Jerome K. Jerome, most famous for his book Three Men in a Boat also penned a series of essays that are at times funny and at times deeply insightful.
In this essay, On Being in the Blues, he explores the feelings of being down in the dumps, of being blue, of being melancholy, and how it helps and harms a person to be in those states.
You listen to me read it outloud, can read it here, or online at Gutenberg.org
ON BEING IN THE BLUES.
I can enjoy feeling melancholy, and there is a good deal of satisfaction about being thoroughly miserable; but nobody likes a fit of the blues. Nevertheless, everybody has them; notwithstanding which, nobody can tell why. There is no accounting for them. You are just as likely to have one on the day after you have come into a large fortune as on the day after you have left your new silk umbrella in the train. Its effect upon you is somewhat similar to what would probably be produced by a combined attack of toothache, indigestion, and cold in the head. You become stupid, restless, and irritable; rude to strangers and dangerous toward your friends; clumsy, maudlin, and quarrelsome; a nuisance to yourself and everybody about you.
While it is on you can do nothing and think of nothing, though feeling at the time bound to do something. You can’t sit still so put on your hat and go for a walk; but before you get to the corner of the street you wish you hadn’t come out and you turn back. You open a book and try to read, but you find Shakespeare trite and commonplace, Dickens is dull and prosy, Thackeray a bore, and Carlyle too sentimental. You throw the book aside and call the author names. Then you “shoo” the cat out of the room and kick the door to after her. You think you will write your letters, but after sticking at “Dearest Auntie: I find I have five minutes to spare, and so hasten to write to you,” for a quarter of an hour, without being able to think of another sentence, you tumble the paper into the desk, fling the wet pen down upon the table-cloth, and start up with the resolution of going to see the Thompsons. While pulling on your gloves, however, it occurs to you that the Thompsons are idiots; that they never have supper; and that you will be expected to jump the baby. You curse the Thompsons and decide not to go.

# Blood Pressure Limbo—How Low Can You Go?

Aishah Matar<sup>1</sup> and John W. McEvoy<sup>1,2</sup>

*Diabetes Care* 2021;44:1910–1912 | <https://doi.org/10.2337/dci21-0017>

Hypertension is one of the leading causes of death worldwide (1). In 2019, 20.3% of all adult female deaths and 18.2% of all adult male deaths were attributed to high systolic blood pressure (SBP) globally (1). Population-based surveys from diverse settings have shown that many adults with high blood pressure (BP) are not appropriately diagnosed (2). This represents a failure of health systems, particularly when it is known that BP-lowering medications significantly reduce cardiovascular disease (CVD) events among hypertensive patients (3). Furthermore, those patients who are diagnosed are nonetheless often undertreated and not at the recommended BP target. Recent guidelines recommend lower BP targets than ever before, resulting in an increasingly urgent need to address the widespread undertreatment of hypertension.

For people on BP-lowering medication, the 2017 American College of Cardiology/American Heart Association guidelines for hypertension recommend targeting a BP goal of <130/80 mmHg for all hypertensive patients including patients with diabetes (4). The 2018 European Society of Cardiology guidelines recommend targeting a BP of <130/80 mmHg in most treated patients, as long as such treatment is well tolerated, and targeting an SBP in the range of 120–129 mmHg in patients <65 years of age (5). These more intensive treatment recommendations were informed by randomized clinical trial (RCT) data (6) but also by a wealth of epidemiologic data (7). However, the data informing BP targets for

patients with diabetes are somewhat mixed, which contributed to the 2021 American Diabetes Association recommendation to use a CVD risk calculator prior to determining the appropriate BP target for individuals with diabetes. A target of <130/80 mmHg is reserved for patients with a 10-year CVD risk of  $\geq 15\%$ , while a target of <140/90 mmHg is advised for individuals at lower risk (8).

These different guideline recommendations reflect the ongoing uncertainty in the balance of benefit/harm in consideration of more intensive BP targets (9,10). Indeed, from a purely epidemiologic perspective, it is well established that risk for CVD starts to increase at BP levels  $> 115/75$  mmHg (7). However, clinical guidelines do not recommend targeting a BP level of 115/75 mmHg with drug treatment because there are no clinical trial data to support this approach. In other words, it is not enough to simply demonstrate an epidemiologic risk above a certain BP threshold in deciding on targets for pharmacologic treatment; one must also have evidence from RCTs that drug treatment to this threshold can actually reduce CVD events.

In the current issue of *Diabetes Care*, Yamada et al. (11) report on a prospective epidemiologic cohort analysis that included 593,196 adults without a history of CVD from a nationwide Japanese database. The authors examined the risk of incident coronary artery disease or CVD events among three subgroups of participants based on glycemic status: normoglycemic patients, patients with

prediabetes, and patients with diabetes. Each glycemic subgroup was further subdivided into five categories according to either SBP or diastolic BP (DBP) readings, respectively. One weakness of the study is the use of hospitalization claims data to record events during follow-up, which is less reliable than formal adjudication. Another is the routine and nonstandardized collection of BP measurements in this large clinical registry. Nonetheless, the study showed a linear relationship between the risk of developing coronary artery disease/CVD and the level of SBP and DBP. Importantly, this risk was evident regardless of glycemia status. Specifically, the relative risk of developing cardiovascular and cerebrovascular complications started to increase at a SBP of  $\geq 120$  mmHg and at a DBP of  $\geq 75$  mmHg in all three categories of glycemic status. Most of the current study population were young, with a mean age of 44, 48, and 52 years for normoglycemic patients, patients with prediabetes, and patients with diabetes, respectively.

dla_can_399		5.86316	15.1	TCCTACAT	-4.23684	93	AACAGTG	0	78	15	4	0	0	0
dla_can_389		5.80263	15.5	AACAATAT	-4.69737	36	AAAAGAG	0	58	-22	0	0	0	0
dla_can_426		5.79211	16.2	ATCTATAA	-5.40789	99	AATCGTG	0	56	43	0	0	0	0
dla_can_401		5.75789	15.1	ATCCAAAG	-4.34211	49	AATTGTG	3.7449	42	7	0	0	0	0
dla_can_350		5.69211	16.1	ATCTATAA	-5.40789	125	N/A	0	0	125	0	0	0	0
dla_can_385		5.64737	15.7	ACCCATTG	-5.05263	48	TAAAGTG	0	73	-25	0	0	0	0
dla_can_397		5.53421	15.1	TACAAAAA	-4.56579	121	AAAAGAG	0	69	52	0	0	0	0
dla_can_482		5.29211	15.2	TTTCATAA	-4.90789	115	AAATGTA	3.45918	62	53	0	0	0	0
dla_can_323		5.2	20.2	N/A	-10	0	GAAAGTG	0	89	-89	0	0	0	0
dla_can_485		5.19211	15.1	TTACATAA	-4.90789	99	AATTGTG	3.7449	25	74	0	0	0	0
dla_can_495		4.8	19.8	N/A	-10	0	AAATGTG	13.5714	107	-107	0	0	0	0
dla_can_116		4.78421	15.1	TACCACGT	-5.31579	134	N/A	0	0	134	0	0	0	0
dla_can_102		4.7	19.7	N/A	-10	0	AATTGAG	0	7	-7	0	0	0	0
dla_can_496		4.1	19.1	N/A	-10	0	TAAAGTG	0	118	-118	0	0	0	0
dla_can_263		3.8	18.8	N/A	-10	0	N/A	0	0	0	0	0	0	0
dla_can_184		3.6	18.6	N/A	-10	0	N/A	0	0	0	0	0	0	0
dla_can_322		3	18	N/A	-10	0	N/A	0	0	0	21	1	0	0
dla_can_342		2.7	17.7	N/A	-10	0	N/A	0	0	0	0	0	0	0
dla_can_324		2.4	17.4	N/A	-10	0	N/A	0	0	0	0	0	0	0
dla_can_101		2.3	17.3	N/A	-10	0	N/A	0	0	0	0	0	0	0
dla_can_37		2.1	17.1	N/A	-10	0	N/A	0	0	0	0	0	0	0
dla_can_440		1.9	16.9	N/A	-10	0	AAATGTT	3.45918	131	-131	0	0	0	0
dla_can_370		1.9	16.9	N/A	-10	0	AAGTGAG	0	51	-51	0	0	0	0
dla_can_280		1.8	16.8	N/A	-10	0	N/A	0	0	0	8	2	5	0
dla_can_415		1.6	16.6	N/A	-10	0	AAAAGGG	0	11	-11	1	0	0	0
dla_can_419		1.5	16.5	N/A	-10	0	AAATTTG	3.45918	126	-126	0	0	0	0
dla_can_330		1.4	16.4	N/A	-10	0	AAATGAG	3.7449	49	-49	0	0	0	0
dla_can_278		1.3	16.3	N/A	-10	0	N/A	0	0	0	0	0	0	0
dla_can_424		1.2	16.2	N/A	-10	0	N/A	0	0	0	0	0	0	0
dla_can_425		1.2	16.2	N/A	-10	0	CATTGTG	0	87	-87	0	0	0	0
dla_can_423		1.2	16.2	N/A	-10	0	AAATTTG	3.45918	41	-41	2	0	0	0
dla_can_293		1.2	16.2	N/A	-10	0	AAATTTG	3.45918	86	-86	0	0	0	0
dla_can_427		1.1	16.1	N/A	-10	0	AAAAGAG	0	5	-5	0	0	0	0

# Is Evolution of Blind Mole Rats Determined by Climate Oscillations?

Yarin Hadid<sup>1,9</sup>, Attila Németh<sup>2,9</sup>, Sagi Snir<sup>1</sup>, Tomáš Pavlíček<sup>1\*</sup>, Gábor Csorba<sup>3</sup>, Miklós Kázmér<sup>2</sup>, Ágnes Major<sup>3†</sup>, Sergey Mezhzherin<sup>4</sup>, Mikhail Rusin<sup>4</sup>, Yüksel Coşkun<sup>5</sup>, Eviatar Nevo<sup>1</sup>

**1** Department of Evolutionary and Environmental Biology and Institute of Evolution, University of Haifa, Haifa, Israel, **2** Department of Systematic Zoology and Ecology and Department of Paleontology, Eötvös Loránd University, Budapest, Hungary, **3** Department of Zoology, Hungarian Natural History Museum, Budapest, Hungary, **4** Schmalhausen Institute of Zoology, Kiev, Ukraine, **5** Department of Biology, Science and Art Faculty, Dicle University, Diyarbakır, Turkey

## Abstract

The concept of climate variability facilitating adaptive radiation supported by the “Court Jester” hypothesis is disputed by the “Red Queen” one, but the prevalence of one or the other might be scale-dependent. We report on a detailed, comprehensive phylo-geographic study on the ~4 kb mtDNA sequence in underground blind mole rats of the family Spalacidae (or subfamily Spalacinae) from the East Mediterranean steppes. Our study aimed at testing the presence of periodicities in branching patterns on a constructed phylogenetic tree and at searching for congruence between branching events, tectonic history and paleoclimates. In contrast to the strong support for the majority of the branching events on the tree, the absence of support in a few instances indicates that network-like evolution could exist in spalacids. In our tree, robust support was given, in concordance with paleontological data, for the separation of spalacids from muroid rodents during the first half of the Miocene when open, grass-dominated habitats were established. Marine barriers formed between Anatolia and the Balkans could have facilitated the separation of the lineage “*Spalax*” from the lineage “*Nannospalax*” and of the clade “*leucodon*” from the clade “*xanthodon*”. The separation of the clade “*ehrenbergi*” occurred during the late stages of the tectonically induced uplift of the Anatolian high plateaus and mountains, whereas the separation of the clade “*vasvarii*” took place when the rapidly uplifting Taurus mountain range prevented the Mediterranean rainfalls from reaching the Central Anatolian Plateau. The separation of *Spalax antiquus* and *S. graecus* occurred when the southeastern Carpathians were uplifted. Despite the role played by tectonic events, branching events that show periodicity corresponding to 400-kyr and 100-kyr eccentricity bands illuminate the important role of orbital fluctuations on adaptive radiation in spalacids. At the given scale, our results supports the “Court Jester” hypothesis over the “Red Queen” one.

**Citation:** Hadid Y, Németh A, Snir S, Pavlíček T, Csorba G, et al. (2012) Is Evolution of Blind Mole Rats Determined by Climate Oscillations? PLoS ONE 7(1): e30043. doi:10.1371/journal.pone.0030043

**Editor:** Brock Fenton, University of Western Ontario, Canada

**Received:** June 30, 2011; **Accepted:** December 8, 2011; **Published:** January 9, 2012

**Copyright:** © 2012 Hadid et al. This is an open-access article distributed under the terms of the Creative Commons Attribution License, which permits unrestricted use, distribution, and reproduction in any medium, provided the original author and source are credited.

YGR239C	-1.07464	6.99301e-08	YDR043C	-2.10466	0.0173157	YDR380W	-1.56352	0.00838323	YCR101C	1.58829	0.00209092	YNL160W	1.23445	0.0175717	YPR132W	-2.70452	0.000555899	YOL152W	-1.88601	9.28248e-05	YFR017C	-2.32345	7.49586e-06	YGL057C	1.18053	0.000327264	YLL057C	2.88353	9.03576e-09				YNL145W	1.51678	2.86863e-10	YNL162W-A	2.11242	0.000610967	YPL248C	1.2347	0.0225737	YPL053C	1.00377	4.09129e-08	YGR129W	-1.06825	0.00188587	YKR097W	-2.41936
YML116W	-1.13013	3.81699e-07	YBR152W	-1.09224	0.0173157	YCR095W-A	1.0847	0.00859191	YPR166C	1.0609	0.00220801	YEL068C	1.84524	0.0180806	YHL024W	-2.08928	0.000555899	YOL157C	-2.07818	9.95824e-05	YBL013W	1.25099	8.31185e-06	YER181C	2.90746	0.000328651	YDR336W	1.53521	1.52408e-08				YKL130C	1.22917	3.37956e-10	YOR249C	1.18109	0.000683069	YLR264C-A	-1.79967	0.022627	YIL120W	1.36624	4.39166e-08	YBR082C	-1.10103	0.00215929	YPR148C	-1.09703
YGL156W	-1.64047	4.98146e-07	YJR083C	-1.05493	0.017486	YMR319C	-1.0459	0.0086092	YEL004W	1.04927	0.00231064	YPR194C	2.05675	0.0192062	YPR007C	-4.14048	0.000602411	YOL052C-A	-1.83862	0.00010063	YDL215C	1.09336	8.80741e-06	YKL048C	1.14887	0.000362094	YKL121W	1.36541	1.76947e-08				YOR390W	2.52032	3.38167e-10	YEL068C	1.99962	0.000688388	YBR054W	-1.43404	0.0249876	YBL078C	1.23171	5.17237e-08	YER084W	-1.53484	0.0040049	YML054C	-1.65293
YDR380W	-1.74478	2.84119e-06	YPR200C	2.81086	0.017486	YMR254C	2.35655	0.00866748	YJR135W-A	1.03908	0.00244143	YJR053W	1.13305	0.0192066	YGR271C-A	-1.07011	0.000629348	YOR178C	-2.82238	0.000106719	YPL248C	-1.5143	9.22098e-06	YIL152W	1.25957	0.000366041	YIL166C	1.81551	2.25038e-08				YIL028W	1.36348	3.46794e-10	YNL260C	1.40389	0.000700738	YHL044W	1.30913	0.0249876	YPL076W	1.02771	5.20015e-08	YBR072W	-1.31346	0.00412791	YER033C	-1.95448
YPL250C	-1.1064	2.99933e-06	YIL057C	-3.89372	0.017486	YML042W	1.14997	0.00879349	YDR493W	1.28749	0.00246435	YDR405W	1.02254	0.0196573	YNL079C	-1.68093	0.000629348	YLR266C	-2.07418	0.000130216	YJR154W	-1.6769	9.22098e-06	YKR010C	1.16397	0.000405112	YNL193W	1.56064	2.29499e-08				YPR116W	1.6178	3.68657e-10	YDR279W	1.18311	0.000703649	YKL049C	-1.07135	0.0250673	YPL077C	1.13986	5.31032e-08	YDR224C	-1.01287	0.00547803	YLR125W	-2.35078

By this time you feel completely crushed. You bury your face in your hands and think you would like to die and go to heaven. You picture to yourself your own sick-bed, with all your friends and relations standing round you weeping. You bless them all, especially the young and pretty ones. They will value you when you are gone, so you say to yourself, and learn too late what they have lost; and you bitterly contrast their presumed regard for you then with their decided want of veneration now.
These reflections make you feel a little more cheerful, but only for a brief period; for the next moment you think what a fool you must be to imagine for an instant that anybody would be sorry at anything that might happen to you. Who would care two straws (whatever precise amount of care two straws may represent) whether you are blown up, or hung up, or married, or drowned? Nobody cares for you. You never have been properly appreciated, never met with your due deserts in any one particular. You review the whole of your past life, and it is painfully apparent that you have been ill-used from your cradle.